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  • Writer's pictureRebecca Herbst

DAF Series Part #4: A comparison of providers

If you’ve read through the first 3 parts of this series, by now you should have a good understanding of whether or not a donor-advised fund is right for you.

So what’s next? Well, you have to decide which DAF provider is the right fit for you.

When I first looked into DAFs for myself, I spent a lot of time comparing and contrasting the merits of each: what were the investment options, what did administrative fees look like, how easy was it to set up and manage an account, and what did the process look like for making donations. For the most part, the user experience was pretty similar, but I found there were some slight nuances that made me lean towards some over others.

In the process of comparing and contrasting, I stumbled upon a fantastic post by a fellow member of the effective altruism community, Michael Dickens. It is hands down one of the best comparisons of DAFs out there. Michael went out and documented his experience with some of the top DAF providers, and explains in detail the following to us:

  1. What fees do they charge?

  2. Do they have contribution/grant minimums?

  3. What pre-selected investment options do they provide?

  4. How flexible are their advisor-managed accounts?

  5. Can you contribute complex assets such as cryptocurrency or real estate?

  6. How good is the user experience?

So rather than me reinventing the wheel, I’ll point you to his great work!

Here’s his short answer:

"All of the big DAF providers offer similar features. For most people, it doesn't really matter which one you choose.

  • If you already have a DAF, you might as well keep using it.

  • If you have a brokerage account at Fidelity, Schwab, or Vanguard, then the easiest thing to do is to open a DAF with your brokerage account. That way, you can manage all your investments in one place.

Otherwise, I believe Schwab Charitable is the best DAF provider for most people."

Once you've read through Michael’s post, feel free to check out my additional thoughts below as to why I think it would have been worth paying more attention to Fidelity as a provider, although I do think Fidelity and Schwab are quite comparable.

First, let’s talk about investment options. Michael writes: “Fidelity is nearly identical to Schwab, but it offers fewer investment options, so let's exclude it”. Fidelity actually has a total of 25 investment pools to choose from, whereas Schwab only has 15 pools. But what Michael is referring to is low-fee index options, and highlights that Schwab offers a few more index funds than Fidelity. I found that also to be the case.

While Fidelity offers fewer options, the funds that they offer do a good job of replicating the overall market, and the fund fees are slightly lower. For example, you can invest in Fidelity's Total Market Index Fund (FSKAX), with an expense ratio of 0.015% vs. Schwab’s Total Stock Market Index Fund (SWTSX), with an expense ratio of 0.03%. And you can also invest in Fidelity’s International Index Fund (FSPSX), with an expense ratio of 0.035% vs. Schwab International Index Fund (SWISX), with an expense ratio of 0.06%. The difference in these expense ratios is negligible, but hey, I’m always down for as few fees as possible.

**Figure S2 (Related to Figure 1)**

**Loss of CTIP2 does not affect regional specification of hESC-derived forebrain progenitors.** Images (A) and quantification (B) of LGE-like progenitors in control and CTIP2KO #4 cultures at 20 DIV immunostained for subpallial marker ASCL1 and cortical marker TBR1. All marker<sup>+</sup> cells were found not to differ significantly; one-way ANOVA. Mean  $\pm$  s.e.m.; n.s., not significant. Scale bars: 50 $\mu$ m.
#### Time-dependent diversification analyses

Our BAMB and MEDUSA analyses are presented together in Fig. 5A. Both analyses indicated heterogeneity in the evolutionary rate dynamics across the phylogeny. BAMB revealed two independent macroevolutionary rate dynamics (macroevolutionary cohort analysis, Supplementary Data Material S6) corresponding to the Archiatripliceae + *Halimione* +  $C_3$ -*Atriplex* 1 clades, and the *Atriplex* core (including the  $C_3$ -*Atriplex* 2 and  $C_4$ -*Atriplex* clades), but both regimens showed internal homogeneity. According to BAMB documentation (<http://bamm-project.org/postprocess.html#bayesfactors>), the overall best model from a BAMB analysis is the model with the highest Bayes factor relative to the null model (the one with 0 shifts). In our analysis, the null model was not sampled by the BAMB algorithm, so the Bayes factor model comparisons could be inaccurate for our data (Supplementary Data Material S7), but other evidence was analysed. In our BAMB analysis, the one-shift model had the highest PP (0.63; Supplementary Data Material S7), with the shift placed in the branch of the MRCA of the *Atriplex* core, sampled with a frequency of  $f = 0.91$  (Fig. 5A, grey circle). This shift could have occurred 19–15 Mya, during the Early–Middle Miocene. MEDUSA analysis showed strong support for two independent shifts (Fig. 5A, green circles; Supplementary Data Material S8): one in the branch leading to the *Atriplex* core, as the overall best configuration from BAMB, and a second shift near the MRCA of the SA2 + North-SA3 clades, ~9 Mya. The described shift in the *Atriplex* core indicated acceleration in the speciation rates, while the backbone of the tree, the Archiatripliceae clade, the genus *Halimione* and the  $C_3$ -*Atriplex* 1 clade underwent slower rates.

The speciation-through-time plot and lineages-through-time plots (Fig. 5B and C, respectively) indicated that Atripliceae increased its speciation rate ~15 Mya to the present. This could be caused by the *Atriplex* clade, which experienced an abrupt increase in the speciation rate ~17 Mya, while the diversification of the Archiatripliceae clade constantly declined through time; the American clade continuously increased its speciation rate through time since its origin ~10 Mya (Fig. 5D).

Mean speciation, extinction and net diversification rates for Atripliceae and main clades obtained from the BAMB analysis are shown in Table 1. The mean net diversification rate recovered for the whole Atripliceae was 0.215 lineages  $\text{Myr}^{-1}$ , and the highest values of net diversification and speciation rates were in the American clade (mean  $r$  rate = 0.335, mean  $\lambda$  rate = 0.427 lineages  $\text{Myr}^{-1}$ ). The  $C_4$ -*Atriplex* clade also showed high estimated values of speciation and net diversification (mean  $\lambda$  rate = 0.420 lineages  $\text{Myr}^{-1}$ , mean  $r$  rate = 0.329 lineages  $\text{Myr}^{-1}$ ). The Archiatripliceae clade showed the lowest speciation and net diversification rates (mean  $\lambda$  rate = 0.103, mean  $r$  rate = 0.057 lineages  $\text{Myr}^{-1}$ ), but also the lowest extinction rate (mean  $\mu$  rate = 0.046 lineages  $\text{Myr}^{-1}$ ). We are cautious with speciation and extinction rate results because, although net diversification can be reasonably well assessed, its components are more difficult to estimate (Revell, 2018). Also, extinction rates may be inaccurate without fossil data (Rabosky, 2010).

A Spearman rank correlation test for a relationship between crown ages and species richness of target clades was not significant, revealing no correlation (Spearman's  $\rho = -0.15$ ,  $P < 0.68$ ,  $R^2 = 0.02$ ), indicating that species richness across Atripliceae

Second, Fidelity has more sustainable options to invest in as compared to Schwab. But with that said, Charityvest, one of the other providers Michael mentions beats them both out with more options and relatively lower expense ratios. Although you’ll want to feel comfortable investing with a start-up provider, as compared to a well established bank like Fidelity.

If you’re looking to integrate a financial advisor into the picture and increase your investment options, Schwab Charitable requires individuals to have an account balance of $250,000, whereas Fidelity only requires a balance of $100,000.

And lastly, I found Fidelity to be the most transparent of all DAF providers. Their marketing materials seem more open and honest. For example, they have a DAF Quiz on their website which allows you to explore if a DAF is right for you. It’s not the sexiest quiz I’ve ever seen, but it is the only quiz from a provider where they are willing to say, “Hey, we don’t think a DAF is right for you!”. And that level of honesty means something in my book.

For full transparency, I have banked with all three providers mentioned above – Fidelity, Charles Schwab and Charityvest.


That concludes our DAF Series! I hope you now have a complete picture of the DAF landscape and whether or not this type of account makes sense for you. If you have any thoughts, feel free to reach out!

Read the previous 3 posts in this DAF Series:


Disclaimer: The information contained in the Yield & Spread website, course materials and all other related content is provided for informational and educational purposes only. It is not intended to substitute for obtaining accounting, tax, or financial advice, and may not be suitable for every individual. Yield & Spread is not a registered investment, legal or tax advisor or a broker/dealer.


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